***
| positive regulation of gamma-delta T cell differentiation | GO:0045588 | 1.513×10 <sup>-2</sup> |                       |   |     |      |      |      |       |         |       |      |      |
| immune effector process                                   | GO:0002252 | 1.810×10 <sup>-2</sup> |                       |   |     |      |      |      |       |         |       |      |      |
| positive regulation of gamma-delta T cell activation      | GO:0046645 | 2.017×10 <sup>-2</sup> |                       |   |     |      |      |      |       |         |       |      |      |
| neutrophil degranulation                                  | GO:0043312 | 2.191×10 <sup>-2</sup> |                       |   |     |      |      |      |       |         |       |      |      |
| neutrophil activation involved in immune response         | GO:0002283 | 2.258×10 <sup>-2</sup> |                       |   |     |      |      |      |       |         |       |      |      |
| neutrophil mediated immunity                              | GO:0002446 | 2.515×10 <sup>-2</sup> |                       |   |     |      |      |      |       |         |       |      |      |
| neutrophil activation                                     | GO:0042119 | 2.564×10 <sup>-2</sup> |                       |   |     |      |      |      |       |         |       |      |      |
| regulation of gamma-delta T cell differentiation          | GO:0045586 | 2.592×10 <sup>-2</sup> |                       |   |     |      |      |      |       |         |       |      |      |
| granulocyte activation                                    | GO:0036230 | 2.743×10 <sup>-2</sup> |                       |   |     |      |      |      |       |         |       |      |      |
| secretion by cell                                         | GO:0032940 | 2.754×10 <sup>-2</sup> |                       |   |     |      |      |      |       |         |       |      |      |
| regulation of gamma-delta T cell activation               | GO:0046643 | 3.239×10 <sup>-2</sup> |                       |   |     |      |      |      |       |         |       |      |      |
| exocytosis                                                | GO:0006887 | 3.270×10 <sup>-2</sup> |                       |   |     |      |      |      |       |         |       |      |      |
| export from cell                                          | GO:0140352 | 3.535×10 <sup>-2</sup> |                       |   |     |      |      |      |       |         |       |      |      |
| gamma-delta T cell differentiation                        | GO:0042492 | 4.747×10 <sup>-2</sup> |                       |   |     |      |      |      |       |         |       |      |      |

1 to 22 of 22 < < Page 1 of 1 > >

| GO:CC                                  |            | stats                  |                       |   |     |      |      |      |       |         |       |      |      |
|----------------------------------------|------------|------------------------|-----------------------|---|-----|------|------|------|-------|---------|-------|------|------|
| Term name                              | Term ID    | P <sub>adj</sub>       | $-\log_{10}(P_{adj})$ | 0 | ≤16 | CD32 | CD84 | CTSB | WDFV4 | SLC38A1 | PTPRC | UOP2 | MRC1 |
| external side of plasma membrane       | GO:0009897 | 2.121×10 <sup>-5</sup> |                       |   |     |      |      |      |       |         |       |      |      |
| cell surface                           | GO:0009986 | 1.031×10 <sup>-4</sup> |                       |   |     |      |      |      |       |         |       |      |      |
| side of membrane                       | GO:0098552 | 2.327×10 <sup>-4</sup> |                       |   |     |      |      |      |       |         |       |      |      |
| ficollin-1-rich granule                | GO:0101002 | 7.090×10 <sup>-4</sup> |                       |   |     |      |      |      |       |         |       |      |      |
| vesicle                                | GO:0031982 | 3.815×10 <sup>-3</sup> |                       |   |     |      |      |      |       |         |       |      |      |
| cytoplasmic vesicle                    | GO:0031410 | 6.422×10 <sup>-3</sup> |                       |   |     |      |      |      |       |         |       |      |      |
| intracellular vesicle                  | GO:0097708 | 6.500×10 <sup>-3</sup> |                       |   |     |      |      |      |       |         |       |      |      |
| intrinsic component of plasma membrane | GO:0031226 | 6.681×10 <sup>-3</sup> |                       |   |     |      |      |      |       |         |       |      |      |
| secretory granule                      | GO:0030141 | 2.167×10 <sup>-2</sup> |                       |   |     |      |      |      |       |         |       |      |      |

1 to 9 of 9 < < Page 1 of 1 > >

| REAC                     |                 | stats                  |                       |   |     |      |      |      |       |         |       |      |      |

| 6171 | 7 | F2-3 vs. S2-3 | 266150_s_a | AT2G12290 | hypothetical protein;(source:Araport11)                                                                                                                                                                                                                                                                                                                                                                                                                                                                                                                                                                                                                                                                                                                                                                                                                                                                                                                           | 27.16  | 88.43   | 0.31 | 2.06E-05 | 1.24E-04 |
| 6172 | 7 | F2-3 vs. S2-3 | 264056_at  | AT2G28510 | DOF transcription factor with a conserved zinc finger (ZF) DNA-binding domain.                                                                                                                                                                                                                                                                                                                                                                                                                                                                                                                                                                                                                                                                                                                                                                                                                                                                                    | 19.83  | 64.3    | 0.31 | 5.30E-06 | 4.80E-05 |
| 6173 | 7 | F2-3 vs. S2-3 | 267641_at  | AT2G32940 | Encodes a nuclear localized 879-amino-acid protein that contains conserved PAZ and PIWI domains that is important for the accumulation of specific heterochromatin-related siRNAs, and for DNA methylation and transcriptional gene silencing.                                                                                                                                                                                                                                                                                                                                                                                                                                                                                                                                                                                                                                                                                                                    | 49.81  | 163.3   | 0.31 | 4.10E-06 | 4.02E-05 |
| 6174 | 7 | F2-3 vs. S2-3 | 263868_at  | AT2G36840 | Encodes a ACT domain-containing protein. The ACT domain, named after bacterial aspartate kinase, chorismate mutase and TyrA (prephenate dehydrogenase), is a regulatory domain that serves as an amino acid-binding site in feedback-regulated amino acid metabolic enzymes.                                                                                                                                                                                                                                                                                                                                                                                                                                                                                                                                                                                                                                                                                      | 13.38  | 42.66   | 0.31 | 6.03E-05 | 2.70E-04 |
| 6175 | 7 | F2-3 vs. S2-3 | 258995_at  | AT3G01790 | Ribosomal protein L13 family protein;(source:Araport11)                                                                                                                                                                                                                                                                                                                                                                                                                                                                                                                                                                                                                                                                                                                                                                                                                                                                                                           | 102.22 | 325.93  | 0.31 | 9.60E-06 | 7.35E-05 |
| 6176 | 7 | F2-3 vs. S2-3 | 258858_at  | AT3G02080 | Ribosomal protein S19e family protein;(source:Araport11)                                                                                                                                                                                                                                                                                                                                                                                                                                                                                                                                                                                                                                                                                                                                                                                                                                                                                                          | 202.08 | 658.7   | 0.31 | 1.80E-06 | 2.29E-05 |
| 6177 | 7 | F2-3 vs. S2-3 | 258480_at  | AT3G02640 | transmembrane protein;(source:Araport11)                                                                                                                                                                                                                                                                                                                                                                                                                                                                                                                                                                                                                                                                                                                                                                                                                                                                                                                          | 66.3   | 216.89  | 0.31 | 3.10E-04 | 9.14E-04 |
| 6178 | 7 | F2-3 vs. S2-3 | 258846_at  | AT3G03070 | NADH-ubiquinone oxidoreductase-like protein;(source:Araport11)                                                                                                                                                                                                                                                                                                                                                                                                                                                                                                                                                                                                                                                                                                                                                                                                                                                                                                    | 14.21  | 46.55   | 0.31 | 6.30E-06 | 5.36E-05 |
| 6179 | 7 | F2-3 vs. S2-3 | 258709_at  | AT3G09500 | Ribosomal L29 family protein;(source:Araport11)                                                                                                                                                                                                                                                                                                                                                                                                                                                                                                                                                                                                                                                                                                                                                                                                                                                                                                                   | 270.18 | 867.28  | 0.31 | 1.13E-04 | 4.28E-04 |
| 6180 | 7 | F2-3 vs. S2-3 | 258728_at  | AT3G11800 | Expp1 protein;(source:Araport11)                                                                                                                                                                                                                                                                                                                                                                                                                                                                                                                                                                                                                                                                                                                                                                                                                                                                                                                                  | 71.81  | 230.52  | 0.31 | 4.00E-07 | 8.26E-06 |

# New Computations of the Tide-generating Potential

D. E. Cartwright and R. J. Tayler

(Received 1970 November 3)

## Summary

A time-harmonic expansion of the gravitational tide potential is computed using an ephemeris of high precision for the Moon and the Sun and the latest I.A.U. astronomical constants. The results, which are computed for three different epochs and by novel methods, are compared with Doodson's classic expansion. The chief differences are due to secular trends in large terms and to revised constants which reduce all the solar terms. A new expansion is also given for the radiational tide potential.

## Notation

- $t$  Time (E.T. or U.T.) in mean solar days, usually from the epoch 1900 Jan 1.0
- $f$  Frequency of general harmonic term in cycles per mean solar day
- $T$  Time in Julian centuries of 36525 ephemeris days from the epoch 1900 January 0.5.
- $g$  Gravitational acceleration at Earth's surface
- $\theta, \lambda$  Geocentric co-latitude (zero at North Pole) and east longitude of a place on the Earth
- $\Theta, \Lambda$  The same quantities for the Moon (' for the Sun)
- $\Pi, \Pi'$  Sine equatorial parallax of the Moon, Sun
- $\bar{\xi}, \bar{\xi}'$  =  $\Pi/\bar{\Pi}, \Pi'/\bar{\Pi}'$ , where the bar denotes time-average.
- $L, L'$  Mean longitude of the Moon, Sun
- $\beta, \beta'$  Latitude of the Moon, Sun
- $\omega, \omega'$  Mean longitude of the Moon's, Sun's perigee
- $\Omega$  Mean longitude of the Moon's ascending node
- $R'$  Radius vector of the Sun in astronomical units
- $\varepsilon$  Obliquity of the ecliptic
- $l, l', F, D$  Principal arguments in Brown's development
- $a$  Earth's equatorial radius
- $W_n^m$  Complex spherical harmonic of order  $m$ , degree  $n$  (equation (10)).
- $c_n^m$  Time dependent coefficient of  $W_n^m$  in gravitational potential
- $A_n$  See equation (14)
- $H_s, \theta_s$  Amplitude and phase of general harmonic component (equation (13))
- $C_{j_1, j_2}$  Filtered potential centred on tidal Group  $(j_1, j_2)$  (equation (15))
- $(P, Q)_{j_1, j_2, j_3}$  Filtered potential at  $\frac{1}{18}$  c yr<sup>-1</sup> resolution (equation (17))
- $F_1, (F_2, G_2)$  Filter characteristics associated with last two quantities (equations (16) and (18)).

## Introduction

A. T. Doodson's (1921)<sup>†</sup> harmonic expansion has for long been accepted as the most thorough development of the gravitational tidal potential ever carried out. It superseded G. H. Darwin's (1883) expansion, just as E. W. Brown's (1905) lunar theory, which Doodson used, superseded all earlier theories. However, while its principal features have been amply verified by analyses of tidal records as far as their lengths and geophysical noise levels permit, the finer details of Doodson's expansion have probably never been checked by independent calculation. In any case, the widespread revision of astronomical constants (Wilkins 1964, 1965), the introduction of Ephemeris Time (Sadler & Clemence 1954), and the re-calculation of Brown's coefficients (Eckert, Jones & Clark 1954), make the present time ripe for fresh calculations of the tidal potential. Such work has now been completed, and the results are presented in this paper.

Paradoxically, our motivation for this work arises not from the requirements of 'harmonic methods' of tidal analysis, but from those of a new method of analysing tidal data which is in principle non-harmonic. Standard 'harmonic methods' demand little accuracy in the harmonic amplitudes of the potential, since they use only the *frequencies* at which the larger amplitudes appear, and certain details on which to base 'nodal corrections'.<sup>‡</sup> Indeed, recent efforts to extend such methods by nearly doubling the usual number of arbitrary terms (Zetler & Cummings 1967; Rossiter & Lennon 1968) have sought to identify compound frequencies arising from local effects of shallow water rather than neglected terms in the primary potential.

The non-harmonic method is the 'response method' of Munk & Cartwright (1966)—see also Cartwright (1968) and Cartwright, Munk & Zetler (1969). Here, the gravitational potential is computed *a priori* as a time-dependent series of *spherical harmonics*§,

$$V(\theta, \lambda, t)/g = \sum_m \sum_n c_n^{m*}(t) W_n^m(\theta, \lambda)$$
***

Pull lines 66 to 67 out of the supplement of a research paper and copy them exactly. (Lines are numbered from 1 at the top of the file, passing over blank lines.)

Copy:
- $C_{j_1, j_2}$  Filtered potential centred on tidal Group  $(j_1, j_2)$  (equation (15))
- $(P, Q)_{j_1, j_2, j_3}$  Filtered potential at  $\frac{1}{18}$  c yr<sup>-1</sup> resolution (equation (17))